Confessions of a Quackbuster

This blog deals with healthcare consumer protection, and is therefore about quackery, healthfraud, chiropractic, and other forms of so-Called "Alternative" Medicine (sCAM).

Tuesday, January 11, 2005

Chiropractic Divorce

The idea of dividing the profession pops up once in awhile.

G. Douglas Andersen, DC had this to say:

I understand there are many who feel that a "real" chiropractor would
not practice this way. Fine. If being a real DC means wellness care,
asymptomatic care, excessive x-rays, poor working relationships with
MDs, rejection of scientific data, bizarre techniques, outrageous
claims, and the same treatment each visit regardless of the problem,
then I don't want to be a "real" DC.

The only thing "real" DCs and I agree upon is that we would both like
the public to look at our title and have an idea of what we do. Maybe
all DCs would benefit if those of us who reject pseudoscientific
subluxation-based philosophical chirobabble (designed to addict the
world to manipulation) had a different title. I would proudly introduce
myself as a medipractor, a treatipractor, a physical medicine therapist,
a doctor of chiropractic medicine, or whatever it would take to inform
the public there is a basic difference.

In any profession, there will be differences in how one approaches
various conditions. Generally speaking, healthy scientific debate
benefits both patients and clinicians. However, I fail to see any common
ground between those who try to see each patient as many times as
possible, regardless of symptoms, and those who see each patient as few
times as possible to eliminate symptoms. Maybe the best way for both
sides to flourish in the new millennium is with a formal division.

and Dana R. Miller, DC had this to say:


Dear Editor:

After being part of the chiropractic profession for over 16 years, it is
very obvious that time has come for a major change. I have been on the
sidelines watching the straight-mixer war deteriorate the profession,
hoping that we would one day be unified and all would be well.

The merger almost happened. We all rejoiced together at the Wilk, et
al., victory. We all feel proud when chiropractic is viewed positively
in the media, and our chiropractic leaders don't openly bicker in every
chiropractic publication that comes through the mail. I had a glimmer of
hope that we could come together to help chiropractic achieve its
potential. I know now -- it's not going to happen. Never. It has become
very clear over the years that no matter how many good things come to
us, we will never stop competing against each other. That leaves only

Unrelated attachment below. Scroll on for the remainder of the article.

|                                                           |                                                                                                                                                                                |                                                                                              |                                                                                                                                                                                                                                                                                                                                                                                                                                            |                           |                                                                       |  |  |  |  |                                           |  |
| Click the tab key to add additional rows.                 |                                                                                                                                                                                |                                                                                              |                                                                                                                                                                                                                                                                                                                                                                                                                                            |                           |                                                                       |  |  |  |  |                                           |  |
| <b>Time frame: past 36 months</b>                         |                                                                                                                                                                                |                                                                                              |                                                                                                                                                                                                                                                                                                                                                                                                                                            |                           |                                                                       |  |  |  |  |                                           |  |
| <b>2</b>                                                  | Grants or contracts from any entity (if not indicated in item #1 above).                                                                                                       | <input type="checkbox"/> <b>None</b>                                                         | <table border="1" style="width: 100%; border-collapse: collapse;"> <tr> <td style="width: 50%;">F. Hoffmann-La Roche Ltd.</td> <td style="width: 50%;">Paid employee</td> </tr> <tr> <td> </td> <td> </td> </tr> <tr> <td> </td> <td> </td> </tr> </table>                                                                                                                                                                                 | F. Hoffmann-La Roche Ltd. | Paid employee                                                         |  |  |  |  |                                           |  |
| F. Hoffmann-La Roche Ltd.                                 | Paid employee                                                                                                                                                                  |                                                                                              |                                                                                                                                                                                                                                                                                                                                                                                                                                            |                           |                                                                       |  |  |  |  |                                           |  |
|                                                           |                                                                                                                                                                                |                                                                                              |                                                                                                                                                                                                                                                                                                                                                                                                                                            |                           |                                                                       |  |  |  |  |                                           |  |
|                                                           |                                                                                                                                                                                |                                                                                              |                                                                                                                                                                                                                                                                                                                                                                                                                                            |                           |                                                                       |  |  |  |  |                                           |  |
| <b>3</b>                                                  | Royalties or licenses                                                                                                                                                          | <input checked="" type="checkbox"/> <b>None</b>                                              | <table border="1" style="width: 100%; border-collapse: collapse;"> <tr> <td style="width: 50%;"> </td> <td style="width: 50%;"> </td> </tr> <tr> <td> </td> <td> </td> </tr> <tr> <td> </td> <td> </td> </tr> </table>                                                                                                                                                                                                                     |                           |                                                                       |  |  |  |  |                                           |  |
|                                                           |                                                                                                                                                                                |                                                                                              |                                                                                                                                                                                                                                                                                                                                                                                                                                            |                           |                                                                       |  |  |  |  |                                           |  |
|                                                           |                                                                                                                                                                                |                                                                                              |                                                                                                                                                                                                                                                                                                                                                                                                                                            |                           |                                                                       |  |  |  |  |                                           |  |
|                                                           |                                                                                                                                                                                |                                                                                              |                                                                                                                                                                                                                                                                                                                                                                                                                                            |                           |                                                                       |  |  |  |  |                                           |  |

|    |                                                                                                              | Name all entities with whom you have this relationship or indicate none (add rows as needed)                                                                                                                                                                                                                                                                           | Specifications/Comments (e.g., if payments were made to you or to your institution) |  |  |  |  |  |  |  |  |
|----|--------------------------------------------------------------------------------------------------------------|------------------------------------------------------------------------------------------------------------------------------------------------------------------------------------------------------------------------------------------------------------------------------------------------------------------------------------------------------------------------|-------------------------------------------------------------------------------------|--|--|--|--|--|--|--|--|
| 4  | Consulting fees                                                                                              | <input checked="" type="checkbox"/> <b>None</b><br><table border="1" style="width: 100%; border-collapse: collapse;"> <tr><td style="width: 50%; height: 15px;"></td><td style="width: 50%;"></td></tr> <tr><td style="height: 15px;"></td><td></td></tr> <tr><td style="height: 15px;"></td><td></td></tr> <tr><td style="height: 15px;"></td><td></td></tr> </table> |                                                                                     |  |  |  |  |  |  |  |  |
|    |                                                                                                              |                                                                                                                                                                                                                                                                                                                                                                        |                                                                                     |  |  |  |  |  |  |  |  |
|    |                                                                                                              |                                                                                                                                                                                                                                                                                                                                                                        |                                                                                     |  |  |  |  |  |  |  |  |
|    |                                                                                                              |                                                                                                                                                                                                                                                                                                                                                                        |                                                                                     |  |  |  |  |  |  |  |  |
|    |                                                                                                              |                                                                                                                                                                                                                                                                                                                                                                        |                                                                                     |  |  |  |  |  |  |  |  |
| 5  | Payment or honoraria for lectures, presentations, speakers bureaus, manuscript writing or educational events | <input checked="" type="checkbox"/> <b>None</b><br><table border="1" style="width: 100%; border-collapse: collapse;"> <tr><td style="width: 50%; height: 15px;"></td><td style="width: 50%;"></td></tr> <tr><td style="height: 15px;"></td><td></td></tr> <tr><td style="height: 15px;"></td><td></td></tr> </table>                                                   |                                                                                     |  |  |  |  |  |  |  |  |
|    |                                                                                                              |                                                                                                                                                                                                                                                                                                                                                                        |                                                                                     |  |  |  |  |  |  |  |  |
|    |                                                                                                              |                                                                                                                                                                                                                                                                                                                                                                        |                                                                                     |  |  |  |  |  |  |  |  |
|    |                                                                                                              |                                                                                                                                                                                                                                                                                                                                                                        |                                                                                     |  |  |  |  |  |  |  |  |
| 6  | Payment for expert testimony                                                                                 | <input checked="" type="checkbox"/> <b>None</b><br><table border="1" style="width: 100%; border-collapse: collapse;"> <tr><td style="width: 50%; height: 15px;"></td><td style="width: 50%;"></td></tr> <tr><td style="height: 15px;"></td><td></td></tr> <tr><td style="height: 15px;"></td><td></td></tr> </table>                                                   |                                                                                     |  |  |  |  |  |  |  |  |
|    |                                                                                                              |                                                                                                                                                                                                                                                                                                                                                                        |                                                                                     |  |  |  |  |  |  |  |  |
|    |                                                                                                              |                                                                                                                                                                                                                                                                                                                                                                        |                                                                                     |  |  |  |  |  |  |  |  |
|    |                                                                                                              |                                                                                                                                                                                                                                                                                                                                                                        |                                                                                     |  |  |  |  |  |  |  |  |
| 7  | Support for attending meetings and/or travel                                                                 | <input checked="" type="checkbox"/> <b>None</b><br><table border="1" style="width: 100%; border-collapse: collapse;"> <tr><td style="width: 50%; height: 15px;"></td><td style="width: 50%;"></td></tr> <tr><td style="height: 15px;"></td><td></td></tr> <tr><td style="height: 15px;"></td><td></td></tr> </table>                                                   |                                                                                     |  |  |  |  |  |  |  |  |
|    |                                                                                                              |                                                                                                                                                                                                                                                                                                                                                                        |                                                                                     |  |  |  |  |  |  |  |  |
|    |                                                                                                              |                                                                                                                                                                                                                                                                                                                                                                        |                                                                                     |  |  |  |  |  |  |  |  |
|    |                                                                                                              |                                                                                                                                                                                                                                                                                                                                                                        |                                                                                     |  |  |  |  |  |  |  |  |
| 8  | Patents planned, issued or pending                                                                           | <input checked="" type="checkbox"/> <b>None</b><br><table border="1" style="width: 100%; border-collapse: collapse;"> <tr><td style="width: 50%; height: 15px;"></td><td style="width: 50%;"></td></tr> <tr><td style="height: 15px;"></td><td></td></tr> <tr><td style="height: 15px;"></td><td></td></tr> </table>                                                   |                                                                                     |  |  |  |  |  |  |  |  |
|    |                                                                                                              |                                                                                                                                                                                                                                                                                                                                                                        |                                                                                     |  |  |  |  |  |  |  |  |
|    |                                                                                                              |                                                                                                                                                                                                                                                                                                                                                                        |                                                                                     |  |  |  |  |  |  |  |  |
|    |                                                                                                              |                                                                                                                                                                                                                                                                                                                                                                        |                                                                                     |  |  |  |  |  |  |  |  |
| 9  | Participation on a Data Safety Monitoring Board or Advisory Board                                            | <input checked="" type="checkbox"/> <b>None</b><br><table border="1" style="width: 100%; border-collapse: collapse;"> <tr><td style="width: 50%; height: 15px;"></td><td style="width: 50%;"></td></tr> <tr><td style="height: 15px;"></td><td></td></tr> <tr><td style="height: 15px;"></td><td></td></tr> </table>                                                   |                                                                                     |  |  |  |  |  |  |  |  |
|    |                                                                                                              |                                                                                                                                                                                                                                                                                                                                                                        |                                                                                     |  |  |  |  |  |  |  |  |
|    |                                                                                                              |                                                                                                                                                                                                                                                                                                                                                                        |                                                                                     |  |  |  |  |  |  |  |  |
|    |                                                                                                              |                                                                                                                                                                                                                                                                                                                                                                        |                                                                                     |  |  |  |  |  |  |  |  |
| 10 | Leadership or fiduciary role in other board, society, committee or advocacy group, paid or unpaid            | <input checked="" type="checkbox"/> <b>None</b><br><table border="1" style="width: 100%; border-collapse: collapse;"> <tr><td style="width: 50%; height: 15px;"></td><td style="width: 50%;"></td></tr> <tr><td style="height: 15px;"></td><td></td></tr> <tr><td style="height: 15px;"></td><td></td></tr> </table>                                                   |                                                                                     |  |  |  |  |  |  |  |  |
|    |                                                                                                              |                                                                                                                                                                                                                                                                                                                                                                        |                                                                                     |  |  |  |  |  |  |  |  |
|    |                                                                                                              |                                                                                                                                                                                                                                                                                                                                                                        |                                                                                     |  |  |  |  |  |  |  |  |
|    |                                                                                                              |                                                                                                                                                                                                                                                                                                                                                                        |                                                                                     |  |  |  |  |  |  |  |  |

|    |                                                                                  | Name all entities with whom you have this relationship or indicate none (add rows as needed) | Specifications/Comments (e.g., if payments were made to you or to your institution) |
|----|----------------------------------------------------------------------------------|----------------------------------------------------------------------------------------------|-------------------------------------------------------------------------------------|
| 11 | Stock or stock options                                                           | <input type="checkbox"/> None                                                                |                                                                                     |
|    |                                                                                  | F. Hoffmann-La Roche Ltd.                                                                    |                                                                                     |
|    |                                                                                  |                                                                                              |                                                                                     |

one option open to us if we are to thrive and grow instead of
self-destruct. That option is that we must divide into two professions.
I know this idea is nothing new, but now is the time. To continue in the
manner in which we have is nothing different than staying in a bad
marriage waiting for things to get better. There comes a point where we
have to someday realize that things aren't going to get better, and we
will be happier and more productive apart. It is time for a divorce.

I know that a divorce can be messy; lawyers get involved and both
parties fight for their property, but all the wrinkles could be worked
out after a year or so of getting the ground rules laid out. The
straights could be SCs (straight chiropractors) and the mixers could be
DCs, for example. The motto for the SCs, "a subluxation free world," and
DCs may be "whatever it takes to make sick people well" or something to
that effect. All DCs would need to decide from the start what they want
to be. Each profession would have their own schools and accrediting
agency. Each state would have their own examining board and be
responsible for its own profession. Each profession would then be
allowed to grow unrestricted in the direction they want to go without
worrying about what the other side is thinking. Much more progress would
be made legislatively, without one side contradicting the other, and
then each profession would achieve the legal rights they seek. Patients
would no longer be confused by getting contradictory advise from one DC
to another, but they would chose their doctor by their own experience.
The benefits of two professions seem endless.

When a marriage is on the rocks, a counselor will tell each partner to
make a list of pros and cons of staying married to each other. Then the
couple can weigh the differences. It's time our leaders made a list for
the profession. Are we, as professionals with so much potential, better
off together or apart? Call in the lawyers, I'm ready for the single

Dana R. Miller, D.C.
Rexburg, Idaho

Here are a couple more links: